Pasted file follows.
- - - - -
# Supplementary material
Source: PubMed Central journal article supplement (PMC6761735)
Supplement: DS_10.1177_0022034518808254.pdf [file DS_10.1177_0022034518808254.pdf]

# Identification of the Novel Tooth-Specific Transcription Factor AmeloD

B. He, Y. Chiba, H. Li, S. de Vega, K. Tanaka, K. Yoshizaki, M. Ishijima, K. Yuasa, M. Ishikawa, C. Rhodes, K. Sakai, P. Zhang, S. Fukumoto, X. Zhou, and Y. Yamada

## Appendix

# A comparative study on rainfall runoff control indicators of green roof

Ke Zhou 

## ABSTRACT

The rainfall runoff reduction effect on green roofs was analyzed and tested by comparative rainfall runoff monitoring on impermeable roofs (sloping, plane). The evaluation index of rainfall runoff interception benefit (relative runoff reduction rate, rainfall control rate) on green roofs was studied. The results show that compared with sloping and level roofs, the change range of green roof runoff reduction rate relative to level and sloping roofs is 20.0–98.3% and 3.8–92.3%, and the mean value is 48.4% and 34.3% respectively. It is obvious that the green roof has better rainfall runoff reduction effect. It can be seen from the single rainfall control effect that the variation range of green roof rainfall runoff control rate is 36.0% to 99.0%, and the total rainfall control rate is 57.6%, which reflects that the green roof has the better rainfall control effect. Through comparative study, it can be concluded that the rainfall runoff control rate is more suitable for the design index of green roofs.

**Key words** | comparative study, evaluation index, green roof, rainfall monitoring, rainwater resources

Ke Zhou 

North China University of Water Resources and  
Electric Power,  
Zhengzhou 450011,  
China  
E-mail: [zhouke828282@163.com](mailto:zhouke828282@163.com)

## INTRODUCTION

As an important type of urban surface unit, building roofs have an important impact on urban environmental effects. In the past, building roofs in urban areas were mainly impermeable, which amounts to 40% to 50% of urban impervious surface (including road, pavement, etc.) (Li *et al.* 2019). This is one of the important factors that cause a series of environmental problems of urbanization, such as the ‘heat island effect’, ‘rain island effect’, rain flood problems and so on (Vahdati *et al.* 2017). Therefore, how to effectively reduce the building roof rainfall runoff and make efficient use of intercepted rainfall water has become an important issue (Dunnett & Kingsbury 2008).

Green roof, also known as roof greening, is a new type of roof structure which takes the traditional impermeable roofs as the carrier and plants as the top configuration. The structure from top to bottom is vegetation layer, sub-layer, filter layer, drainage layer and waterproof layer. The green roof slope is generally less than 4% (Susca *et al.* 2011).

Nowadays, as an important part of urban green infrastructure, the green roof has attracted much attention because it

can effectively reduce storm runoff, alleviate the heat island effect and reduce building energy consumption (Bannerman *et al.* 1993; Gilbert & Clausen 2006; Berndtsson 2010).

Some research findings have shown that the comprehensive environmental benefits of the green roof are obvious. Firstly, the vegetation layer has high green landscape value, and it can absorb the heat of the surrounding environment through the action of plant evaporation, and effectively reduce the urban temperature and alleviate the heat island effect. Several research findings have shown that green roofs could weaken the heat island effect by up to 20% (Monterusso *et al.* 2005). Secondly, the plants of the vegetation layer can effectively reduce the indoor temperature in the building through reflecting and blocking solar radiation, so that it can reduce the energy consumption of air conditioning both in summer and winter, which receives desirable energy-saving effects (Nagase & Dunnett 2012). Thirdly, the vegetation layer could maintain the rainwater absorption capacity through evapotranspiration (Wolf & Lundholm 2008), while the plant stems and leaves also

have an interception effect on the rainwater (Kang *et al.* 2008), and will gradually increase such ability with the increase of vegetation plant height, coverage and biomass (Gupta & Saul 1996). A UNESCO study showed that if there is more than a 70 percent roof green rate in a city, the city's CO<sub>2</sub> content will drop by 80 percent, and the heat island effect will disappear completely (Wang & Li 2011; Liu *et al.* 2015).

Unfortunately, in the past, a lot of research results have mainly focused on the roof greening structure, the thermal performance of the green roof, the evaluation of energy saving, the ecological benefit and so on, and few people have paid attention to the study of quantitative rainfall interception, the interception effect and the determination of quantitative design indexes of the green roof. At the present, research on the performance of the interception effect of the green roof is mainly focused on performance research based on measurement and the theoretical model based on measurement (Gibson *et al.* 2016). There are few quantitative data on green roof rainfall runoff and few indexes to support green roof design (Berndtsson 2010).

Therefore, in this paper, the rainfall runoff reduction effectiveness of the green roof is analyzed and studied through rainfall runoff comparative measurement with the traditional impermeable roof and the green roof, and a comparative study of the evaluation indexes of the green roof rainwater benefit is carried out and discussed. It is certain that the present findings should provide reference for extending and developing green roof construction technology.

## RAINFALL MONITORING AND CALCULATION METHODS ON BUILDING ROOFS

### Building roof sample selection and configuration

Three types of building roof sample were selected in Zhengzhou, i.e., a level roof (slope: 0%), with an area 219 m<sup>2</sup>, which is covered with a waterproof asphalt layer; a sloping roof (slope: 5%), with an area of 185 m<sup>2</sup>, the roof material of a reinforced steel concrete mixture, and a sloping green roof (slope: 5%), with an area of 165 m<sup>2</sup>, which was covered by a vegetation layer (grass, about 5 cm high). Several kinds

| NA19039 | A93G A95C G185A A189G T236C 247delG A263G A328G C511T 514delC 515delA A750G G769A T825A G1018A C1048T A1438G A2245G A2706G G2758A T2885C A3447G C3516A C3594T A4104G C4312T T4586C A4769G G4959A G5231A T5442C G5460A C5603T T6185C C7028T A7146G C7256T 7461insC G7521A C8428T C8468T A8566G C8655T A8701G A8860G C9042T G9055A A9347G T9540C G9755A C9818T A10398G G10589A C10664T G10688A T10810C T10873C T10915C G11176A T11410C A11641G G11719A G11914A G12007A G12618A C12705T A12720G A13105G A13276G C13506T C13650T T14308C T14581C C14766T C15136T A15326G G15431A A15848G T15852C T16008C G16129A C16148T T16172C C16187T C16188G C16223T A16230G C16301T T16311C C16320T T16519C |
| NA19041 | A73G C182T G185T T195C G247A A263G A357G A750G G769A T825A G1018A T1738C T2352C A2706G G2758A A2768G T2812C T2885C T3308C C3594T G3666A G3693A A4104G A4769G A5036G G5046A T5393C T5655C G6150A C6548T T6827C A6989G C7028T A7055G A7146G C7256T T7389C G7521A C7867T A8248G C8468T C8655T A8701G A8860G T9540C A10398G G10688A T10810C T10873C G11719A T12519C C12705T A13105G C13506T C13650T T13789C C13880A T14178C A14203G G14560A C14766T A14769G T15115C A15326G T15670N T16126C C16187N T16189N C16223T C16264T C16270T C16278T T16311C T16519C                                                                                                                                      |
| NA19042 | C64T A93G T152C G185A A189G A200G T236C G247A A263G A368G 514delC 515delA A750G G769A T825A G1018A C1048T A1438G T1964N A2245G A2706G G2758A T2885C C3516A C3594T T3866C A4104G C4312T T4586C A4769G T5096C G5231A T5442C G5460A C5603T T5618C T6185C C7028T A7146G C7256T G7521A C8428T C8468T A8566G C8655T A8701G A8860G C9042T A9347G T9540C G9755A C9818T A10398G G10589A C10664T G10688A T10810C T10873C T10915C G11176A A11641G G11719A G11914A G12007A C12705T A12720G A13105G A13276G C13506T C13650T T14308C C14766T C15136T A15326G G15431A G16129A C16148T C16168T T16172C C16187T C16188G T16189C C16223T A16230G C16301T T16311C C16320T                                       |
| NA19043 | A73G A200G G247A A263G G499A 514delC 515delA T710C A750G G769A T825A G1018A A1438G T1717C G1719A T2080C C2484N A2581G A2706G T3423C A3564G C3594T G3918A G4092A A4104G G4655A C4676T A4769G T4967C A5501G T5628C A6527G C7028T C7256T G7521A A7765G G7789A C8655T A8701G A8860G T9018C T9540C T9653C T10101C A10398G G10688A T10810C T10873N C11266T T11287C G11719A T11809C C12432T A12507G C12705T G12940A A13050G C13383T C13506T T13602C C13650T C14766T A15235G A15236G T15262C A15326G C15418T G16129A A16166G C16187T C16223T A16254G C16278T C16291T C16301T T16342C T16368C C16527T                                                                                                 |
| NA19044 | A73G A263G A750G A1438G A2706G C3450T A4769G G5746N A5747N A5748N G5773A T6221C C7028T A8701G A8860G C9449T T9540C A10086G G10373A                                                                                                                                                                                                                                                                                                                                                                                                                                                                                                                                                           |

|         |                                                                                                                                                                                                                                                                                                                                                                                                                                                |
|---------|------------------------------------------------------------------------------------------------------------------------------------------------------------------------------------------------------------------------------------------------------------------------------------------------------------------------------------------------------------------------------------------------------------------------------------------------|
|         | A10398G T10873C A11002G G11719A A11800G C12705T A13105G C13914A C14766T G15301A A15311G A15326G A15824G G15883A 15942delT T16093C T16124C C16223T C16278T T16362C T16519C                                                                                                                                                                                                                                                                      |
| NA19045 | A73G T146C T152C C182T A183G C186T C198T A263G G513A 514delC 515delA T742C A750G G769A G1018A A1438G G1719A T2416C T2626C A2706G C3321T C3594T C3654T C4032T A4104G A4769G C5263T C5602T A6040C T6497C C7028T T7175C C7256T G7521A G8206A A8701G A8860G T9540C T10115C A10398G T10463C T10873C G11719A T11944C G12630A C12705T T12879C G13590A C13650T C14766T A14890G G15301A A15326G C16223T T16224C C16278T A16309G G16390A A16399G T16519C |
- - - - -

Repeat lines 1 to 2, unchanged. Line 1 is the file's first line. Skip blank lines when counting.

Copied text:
# Supplementary material
Source: PubMed Central journal article supplement (PMC6761735)